Disestablishing Virtue: Federalism, Religion, and New England Women Writers
Hurford Family Fellowship, 2018–19
Her current book project examines American women writers, religion, and the legacy of Federalism. Using biographical and historical methods, it examines works by Judith Sargent Murray, Lydia Sigourney, Catharine Sedgwick, and Harriet Beecher Stowe in the context of early U.S. religious and political culture.
- Murphy, Gretchen. “States of Innocence: Harriet Beecher Stowe, London Needlewomen, and the New England Novel.” Legacy: A Journal of American Women Writers 34, no. 2 (2017): 278-300.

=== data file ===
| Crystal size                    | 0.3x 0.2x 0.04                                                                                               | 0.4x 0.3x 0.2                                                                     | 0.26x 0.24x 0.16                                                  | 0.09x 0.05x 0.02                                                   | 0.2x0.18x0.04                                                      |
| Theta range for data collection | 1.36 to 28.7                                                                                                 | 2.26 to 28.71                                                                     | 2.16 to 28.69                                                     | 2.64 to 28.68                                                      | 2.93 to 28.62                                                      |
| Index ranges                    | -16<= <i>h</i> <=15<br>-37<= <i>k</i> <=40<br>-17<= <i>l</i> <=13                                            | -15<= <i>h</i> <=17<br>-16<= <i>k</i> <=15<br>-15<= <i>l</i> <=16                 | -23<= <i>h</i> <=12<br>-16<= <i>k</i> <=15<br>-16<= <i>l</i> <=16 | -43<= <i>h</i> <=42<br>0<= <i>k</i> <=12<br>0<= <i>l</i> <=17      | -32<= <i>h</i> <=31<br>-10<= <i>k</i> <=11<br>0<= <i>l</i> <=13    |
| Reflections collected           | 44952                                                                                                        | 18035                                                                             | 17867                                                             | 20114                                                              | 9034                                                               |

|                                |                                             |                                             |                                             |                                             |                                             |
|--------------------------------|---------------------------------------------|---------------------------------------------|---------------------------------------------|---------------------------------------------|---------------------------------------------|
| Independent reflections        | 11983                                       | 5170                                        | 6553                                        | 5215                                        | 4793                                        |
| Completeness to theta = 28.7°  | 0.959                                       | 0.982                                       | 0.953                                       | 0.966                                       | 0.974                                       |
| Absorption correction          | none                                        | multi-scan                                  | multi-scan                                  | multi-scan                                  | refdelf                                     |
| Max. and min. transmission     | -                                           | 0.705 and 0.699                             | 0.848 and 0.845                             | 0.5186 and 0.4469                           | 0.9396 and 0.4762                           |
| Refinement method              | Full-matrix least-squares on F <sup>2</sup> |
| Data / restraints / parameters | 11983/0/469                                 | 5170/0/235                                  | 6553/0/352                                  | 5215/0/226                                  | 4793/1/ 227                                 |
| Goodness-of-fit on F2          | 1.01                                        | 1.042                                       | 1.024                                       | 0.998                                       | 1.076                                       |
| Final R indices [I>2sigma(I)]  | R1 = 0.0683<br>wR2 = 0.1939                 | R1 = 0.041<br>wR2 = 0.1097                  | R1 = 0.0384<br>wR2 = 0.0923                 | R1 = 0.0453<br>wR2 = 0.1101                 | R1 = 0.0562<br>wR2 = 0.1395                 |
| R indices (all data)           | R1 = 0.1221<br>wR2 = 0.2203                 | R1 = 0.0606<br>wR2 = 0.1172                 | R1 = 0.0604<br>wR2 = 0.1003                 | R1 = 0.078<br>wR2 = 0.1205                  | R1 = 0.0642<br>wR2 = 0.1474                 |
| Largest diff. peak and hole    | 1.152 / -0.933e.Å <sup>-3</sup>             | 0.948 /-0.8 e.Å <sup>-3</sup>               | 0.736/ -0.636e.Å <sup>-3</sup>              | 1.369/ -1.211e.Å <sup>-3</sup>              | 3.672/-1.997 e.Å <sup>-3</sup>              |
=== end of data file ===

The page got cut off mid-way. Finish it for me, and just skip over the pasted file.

- Murphy, Gretchen. “Contract, Adoption, and Sibling Incest: The Problem of Democratic Community in James Fenimore Cooper’s Wyandotté.” J19: The Journal of Nineteenth-Century Americanists 4, no. 1 (Spring 2016): 19-39.
- Murphy, Gretchen. “Revising the Law of the Mother in the Adoption-Marriage Plot.” Nineteenth-Century Literature 69, no. 3 (2014): 342-65.
- Murphy, Gretchen. Shadowing the White Man’s Burden: U.S. Imperialism and the Problem of the Color Line. New York: New York University Press, 2010.
- Murphy, Gretchen. Hemispheric Imaginings: The Monroe Doctrine and Narratives of U.S. Empire. Durham, NC: Duke University Press, 2005.